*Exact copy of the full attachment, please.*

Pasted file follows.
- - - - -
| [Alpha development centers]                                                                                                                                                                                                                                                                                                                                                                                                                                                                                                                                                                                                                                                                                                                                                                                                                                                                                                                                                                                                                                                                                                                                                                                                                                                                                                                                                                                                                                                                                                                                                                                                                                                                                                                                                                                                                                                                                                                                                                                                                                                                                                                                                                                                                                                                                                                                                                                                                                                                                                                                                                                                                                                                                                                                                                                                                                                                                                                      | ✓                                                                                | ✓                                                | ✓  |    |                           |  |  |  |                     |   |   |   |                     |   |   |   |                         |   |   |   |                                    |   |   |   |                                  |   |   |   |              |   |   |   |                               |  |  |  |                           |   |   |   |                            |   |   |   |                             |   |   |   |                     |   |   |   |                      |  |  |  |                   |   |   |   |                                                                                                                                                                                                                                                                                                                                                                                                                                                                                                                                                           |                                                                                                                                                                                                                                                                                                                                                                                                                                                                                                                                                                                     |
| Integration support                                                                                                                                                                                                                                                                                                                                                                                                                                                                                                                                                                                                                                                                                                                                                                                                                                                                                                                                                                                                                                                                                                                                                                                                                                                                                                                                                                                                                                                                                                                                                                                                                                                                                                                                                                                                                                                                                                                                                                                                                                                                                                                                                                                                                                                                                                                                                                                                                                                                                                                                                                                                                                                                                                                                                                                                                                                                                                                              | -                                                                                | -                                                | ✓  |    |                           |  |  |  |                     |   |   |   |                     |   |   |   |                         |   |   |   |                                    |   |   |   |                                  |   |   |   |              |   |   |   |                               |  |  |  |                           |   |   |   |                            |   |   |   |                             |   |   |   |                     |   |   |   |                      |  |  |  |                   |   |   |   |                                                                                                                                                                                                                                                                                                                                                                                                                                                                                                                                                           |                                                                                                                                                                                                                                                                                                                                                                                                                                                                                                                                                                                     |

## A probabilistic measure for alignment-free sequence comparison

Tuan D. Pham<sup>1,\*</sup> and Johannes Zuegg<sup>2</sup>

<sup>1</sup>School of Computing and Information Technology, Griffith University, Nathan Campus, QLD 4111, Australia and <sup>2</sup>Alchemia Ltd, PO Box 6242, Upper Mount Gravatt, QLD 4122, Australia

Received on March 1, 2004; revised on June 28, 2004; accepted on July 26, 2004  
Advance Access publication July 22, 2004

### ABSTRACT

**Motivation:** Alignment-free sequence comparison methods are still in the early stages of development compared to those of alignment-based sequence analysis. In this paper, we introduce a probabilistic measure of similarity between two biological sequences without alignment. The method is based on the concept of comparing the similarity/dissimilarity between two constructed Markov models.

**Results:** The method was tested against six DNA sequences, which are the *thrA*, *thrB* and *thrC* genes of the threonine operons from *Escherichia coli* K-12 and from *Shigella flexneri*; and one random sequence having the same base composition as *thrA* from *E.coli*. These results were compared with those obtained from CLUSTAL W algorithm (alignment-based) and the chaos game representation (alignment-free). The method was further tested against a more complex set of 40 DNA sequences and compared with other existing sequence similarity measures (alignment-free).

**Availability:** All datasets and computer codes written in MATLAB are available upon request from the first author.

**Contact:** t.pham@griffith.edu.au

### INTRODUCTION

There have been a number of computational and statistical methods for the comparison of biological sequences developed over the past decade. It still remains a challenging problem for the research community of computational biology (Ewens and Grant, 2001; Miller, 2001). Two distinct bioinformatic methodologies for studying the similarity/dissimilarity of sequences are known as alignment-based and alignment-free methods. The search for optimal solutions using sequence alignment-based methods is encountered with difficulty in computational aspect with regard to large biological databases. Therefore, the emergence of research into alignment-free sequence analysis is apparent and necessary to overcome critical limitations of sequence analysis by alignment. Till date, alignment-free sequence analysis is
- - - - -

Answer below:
| [Alpha development centers]                                                                                                                                                                                                                                                                                                                                                                                                                                                                                                                                                                                                                                                                                                                                                                                                                                                                                                                                                                                                                                                                                                                                                                                                                                                                                                                                                                                                                                                                                                                                                                                                                                                                                                                                                                                                                                                                                                                                                                                                                                                                                                                                                                                                                                                                                                                                                                                                                                                                                                                                                                                                                                                                                                                                                                                                                                                                                                                      | ✓                                                                                | ✓                                                | ✓  |    |                           |  |  |  |                     |   |   |   |                     |   |   |   |                         |   |   |   |                                    |   |   |   |                                  |   |   |   |              |   |   |   |                               |  |  |  |                           |   |   |   |                            |   |   |   |                             |   |   |   |                     |   |   |   |                      |  |  |  |                   |   |   |   |                                                                                                                                                                                                                                                                                                                                                                                                                                                                                                                                                           |                                                                                                                                                                                                                                                                                                                                                                                                                                                                                                                                                                                     |
| Integration support                                                                                                                                                                                                                                                                                                                                                                                                                                                                                                                                                                                                                                                                                                                                                                                                                                                                                                                                                                                                                                                                                                                                                                                                                                                                                                                                                                                                                                                                                                                                                                                                                                                                                                                                                                                                                                                                                                                                                                                                                                                                                                                                                                                                                                                                                                                                                                                                                                                                                                                                                                                                                                                                                                                                                                                                                                                                                                                              | -                                                                                | -                                                | ✓  |    |                           |  |  |  |                     |   |   |   |                     |   |   |   |                         |   |   |   |                                    |   |   |   |                                  |   |   |   |              |   |   |   |                               |  |  |  |                           |   |   |   |                            |   |   |   |                             |   |   |   |                     |   |   |   |                      |  |  |  |                   |   |   |   |                                                                                                                                                                                                                                                                                                                                                                                                                                                                                                                                                           |                                                                                                                                                                                                                                                                                                                                                                                                                                                                                                                                                                                     |

## A probabilistic measure for alignment-free sequence comparison

Tuan D. Pham<sup>1,\*</sup> and Johannes Zuegg<sup>2</sup>

<sup>1</sup>School of Computing and Information Technology, Griffith University, Nathan Campus, QLD 4111, Australia and <sup>2</sup>Alchemia Ltd, PO Box 6242, Upper Mount Gravatt, QLD 4122, Australia

Received on March 1, 2004; revised on June 28, 2004; accepted on July 26, 2004  
Advance Access publication July 22, 2004

### ABSTRACT

**Motivation:** Alignment-free sequence comparison methods are still in the early stages of development compared to those of alignment-based sequence analysis. In this paper, we introduce a probabilistic measure of similarity between two biological sequences without alignment. The method is based on the concept of comparing the similarity/dissimilarity between two constructed Markov models.

**Results:** The method was tested against six DNA sequences, which are the *thrA*, *thrB* and *thrC* genes of the threonine operons from *Escherichia coli* K-12 and from *Shigella flexneri*; and one random sequence having the same base composition as *thrA* from *E.coli*. These results were compared with those obtained from CLUSTAL W algorithm (alignment-based) and the chaos game representation (alignment-free). The method was further tested against a more complex set of 40 DNA sequences and compared with other existing sequence similarity measures (alignment-free).

**Availability:** All datasets and computer codes written in MATLAB are available upon request from the first author.

**Contact:** t.pham@griffith.edu.au

### INTRODUCTION

There have been a number of computational and statistical methods for the comparison of biological sequences developed over the past decade. It still remains a challenging problem for the research community of computational biology (Ewens and Grant, 2001; Miller, 2001). Two distinct bioinformatic methodologies for studying the similarity/dissimilarity of sequences are known as alignment-based and alignment-free methods. The search for optimal solutions using sequence alignment-based methods is encountered with difficulty in computational aspect with regard to large biological databases. Therefore, the emergence of research into alignment-free sequence analysis is apparent and necessary to overcome critical limitations of sequence analysis by alignment. Till date, alignment-free sequence analysis is